The Bremer Catchment

A quick Summary of the bremer catchment

Since colonial occupation began in Australia, the hallmark of a prosperous and “civilised” nation has been development. The Bremer catchment is a perfect example of what happens when industry and development are not adequately controlled. The inevitable “tragedy of the commons” not only effects sustainability goals but can also herald complete ecological devastation for entire ecosystems and environmental degradation to the whole river.

Early pioneers were attracted to natural resources which lead the initial drive into the area and several coal mines and limestone quarries were followed by timber yards, wool sheds, abattoirs and waste processing facilities. Now almost all available land is being used for agricultural production, mining, industry or urban development. The lower catchment was highly sort after and was quickly stripped of riparian vegetation as riverside land meant access to the steamboats that connected Ipswich to Brisbane.

Bremer Catchment requires significant managerial actions to ensure the sustainability of the industries and the livelihoods of the people who live and work here. We must act responsibly though, over exploiting the environment will have detrimental consequences. Climate change, population growth and the subsequent development of more land will continue to impact our lives and may develop even more unforeseen challenges to our catchment.

By working together as a community and following the best environmental management science, encouraging responsible farming and development, we can ensure our prosperous and sustainable catchment is protected for generations to come.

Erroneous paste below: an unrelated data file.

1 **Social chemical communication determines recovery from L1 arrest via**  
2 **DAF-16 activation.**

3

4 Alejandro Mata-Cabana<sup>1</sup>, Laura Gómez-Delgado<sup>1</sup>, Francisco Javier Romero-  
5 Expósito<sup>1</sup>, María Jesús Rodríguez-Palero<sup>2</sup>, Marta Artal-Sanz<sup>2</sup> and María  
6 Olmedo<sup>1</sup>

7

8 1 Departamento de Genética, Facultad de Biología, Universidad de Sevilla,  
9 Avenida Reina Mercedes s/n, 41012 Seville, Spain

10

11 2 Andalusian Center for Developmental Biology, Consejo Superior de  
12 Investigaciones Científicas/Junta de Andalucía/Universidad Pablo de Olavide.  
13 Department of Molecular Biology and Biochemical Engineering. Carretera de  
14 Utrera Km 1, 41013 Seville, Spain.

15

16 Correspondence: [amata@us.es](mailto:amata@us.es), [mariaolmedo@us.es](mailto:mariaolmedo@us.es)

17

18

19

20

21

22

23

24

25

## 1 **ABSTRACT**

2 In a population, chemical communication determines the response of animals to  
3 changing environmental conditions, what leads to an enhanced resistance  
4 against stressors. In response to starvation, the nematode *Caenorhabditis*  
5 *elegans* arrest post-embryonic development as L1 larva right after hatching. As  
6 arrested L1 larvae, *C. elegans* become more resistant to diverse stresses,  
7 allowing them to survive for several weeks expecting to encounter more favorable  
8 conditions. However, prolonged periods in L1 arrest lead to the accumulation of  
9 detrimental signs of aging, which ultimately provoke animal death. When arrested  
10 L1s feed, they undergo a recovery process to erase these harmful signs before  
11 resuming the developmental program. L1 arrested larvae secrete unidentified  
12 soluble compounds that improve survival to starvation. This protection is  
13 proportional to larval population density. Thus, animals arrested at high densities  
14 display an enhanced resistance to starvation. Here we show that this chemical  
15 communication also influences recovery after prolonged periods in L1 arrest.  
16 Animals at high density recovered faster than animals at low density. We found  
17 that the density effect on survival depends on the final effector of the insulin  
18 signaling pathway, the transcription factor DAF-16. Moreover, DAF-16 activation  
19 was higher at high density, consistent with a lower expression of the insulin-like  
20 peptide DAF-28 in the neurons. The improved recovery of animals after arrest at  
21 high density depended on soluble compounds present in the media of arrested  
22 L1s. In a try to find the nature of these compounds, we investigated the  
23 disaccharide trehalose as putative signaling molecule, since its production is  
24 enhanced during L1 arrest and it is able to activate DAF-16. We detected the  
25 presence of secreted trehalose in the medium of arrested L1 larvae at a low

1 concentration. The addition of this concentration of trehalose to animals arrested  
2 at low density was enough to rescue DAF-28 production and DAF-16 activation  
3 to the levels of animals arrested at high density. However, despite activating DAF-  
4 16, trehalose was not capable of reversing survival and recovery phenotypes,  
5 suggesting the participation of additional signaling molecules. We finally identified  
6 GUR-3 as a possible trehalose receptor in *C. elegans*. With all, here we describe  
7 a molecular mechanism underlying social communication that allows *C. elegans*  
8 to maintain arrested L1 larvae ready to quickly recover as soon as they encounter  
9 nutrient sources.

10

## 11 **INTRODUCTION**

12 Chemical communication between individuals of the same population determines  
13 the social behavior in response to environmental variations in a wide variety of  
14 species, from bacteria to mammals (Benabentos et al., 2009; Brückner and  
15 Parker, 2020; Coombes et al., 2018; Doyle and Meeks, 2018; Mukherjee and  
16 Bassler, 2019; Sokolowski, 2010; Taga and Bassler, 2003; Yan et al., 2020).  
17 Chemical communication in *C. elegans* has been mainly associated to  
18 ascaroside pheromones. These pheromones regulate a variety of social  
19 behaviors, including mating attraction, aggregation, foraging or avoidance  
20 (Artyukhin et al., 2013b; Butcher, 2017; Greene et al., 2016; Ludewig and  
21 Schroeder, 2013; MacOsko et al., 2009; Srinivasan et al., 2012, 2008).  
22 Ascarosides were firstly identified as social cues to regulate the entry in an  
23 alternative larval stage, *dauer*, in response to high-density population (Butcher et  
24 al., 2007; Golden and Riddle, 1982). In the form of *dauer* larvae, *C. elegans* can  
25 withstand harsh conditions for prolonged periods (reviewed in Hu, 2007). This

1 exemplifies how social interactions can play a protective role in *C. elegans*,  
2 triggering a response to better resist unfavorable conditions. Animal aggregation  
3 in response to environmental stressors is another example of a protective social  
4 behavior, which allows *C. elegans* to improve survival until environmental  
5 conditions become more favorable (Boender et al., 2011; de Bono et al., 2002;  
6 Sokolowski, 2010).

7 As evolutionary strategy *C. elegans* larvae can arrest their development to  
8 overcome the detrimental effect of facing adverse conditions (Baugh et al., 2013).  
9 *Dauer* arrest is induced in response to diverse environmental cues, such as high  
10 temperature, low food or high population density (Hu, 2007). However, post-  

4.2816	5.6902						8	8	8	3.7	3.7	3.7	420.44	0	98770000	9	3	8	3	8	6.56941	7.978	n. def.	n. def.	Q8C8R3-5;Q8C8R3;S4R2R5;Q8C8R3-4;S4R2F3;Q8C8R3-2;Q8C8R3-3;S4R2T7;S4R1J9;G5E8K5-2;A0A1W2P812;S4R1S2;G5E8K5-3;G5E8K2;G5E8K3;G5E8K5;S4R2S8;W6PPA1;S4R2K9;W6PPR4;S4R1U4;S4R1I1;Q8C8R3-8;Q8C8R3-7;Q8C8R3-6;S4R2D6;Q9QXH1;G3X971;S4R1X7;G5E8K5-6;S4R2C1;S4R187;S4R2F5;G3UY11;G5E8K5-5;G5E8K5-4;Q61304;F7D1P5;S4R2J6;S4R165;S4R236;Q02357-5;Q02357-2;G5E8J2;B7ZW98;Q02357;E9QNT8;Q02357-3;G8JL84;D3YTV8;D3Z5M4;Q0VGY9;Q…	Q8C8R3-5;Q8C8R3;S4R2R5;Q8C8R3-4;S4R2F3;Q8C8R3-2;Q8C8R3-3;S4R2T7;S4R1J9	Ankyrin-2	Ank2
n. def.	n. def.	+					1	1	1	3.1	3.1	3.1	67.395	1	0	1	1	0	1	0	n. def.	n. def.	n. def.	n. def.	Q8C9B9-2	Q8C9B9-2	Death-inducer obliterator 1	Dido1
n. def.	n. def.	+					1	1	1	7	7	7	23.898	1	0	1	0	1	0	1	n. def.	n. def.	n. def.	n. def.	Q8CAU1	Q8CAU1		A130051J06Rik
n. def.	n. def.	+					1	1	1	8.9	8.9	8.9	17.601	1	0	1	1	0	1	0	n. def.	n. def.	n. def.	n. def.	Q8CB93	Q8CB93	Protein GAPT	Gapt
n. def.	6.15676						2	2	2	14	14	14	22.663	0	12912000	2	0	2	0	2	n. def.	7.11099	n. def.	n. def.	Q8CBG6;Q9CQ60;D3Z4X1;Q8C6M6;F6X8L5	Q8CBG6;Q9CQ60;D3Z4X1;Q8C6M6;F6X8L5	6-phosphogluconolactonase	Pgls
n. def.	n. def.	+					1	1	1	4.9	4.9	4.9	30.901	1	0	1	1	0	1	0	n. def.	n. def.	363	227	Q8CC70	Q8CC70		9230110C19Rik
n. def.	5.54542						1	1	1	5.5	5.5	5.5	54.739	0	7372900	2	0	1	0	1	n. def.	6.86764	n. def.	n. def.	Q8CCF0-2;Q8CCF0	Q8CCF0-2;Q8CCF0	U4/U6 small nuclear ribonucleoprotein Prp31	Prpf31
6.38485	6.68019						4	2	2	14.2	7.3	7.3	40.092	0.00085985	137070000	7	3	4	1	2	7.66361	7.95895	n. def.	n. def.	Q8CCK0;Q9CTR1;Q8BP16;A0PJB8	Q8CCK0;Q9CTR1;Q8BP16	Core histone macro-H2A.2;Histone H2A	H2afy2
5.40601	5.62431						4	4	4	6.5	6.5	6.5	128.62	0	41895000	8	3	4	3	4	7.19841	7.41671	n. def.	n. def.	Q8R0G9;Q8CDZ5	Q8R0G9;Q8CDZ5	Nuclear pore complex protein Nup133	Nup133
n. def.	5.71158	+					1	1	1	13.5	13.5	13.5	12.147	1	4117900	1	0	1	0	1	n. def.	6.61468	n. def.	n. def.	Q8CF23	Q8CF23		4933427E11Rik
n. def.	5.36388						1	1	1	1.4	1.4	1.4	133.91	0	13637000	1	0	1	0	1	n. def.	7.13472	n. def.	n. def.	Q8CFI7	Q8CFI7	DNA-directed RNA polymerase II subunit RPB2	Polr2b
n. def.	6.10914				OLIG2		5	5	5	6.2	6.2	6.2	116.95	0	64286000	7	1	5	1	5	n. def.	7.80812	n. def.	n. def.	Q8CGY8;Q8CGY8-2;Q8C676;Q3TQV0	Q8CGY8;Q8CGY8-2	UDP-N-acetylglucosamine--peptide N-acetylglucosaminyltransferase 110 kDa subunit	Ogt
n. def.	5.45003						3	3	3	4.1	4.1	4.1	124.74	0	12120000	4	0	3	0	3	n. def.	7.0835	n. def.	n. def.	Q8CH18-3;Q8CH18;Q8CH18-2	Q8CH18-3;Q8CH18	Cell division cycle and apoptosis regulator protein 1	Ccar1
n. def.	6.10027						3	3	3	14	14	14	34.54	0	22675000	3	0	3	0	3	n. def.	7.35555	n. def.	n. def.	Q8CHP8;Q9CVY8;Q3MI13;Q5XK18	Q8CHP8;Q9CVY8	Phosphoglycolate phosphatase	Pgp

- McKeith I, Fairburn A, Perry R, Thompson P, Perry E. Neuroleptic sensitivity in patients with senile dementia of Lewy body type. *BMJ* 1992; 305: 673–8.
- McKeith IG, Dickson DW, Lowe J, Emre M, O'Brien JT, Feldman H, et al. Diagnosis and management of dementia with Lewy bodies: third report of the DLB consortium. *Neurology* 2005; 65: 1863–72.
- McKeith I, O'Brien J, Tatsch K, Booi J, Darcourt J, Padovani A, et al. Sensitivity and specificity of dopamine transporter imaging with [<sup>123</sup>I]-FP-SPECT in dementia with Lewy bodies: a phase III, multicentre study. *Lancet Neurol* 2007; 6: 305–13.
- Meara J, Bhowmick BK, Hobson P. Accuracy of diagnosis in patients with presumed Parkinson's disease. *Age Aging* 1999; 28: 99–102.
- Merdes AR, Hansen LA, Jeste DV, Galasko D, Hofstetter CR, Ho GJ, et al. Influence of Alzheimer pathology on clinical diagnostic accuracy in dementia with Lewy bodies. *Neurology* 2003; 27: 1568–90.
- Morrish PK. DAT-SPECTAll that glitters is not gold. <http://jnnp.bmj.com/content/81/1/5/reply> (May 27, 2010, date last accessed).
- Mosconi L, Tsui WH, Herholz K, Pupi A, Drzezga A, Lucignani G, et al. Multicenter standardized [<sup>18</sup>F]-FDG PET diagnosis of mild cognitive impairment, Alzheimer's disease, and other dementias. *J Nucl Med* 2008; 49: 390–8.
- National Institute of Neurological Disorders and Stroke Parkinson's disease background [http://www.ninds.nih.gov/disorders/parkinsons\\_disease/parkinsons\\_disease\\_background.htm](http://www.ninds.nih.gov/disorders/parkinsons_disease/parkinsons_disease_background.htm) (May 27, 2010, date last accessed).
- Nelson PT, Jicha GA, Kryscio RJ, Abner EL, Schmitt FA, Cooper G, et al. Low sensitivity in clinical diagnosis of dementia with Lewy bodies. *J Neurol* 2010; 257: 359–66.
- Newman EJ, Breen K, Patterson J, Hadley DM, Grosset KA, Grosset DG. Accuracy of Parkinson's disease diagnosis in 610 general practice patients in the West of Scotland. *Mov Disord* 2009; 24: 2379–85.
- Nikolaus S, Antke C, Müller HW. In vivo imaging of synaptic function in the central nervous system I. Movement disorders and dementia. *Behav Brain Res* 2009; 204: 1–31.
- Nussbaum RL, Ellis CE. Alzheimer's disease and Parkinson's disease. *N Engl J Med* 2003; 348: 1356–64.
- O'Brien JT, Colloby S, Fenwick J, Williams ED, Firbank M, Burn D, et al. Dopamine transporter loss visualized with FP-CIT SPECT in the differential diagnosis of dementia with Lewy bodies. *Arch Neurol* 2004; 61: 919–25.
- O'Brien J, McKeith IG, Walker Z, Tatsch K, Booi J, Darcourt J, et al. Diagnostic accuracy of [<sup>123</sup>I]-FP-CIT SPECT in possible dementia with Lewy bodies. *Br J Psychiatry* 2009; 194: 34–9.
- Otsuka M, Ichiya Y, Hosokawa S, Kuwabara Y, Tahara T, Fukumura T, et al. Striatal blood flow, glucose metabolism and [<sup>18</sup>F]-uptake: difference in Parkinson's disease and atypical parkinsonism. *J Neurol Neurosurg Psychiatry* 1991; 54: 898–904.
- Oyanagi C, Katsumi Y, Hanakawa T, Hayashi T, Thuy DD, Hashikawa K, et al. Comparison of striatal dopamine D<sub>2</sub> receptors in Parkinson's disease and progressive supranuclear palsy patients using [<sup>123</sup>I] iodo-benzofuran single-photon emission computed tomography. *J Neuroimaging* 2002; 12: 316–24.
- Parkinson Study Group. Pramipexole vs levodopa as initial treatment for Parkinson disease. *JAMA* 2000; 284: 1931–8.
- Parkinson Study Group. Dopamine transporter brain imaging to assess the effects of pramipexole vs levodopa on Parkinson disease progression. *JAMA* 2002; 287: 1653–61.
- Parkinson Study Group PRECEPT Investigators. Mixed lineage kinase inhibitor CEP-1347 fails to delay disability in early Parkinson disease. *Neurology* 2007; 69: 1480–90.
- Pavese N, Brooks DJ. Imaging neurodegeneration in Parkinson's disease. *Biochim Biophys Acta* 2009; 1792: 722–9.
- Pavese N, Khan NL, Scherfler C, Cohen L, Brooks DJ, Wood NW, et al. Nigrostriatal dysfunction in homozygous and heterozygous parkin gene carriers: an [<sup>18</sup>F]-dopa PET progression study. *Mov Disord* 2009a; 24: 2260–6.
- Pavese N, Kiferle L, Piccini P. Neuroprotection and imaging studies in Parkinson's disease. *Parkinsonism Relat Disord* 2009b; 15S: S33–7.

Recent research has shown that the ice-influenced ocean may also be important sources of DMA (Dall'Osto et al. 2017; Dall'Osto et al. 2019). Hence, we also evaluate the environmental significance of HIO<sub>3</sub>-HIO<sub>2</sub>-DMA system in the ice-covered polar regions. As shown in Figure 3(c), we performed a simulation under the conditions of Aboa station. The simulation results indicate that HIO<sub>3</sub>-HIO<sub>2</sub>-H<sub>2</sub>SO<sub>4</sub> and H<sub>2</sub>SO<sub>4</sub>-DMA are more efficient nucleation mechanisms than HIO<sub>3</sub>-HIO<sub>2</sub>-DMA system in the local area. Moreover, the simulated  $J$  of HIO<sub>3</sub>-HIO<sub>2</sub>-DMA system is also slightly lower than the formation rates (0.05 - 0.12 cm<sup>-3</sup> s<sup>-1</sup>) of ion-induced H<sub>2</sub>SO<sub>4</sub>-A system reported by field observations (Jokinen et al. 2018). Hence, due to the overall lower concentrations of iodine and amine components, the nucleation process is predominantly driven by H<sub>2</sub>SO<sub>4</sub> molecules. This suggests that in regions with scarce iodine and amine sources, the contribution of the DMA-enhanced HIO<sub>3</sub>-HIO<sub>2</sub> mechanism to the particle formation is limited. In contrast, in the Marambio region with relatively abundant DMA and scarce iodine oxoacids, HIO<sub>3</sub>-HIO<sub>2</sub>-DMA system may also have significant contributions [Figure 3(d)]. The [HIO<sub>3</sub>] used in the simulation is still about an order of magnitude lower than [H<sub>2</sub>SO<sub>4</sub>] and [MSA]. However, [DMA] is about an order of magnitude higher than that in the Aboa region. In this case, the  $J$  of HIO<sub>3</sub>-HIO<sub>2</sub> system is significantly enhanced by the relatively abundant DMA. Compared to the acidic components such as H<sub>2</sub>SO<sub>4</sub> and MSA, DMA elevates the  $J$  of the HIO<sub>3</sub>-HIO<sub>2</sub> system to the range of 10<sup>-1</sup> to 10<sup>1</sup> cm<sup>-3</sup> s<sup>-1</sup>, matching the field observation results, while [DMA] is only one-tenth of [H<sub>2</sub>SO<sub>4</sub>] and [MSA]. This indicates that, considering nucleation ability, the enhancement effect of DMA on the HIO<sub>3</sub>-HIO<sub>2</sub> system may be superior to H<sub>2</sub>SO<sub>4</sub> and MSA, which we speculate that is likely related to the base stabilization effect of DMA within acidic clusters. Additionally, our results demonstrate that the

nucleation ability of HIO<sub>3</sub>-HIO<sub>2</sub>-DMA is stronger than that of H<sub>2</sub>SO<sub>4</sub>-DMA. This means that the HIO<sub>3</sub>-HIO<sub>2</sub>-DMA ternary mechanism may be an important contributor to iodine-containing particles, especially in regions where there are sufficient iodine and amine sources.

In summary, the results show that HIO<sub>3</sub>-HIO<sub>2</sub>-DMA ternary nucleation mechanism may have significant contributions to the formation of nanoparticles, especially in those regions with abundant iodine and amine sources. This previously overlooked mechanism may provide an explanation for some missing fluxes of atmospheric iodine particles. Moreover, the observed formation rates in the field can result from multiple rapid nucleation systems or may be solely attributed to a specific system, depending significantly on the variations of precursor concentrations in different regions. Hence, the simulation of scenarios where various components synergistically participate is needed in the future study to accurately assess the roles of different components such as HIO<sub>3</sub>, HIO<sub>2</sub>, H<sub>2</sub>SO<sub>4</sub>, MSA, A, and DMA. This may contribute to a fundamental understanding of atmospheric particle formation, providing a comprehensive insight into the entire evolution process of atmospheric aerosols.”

Bremer Subcatchments

The Bremer River is a tributary of the Brisbane River, located in the Scenic Rim and Brisbane regions of South East Queensland, Australia.

Bremer River Catchment

The river in the upper Bremer as far as the Rosevale region is in relatively good condition.

The mid Bremer has cattle and poultry farming, and some cropping with water supplied by irrigating from the river as well as bore water.

Lower Bremer transitions from rural to peri-urban and industrial, with the Amberley RAAF Base, open cut coal mines and a sewerage treatment plant.

Bremer Upper Catchment

Bounded on the western side by the Great Dividing Range and the Mount Walker area on the north and Mount Fraser on the east, the Upper Bremer River subcatchment includes the township of Rosevale.

Some of the issues here are managing both ground and river water allocations and weed management.

Bremer Middle Catchment

The Mid Bremer River subcatchment extends from Mount Walker to the junction with Western Creek in the north.

It contains remnants of Melaluca flood plain forests. There are issues of erosion and sediment loads in the river when it is flowing.

Bremer Lower Catchment

The Lower Bremer River extends from the junction with Warrill Creek at Amberley right through the city of Ipswich to the Brisbane River and includes Deebing Creek with the suburbs of Churchill, Yamanto, Deebing Heights and Ripley.

The city center of Ipswich is located here so, predictably this subcatchment has suffered much environmental disturbance and degradation since colonisation.

Warrill Creek Catchment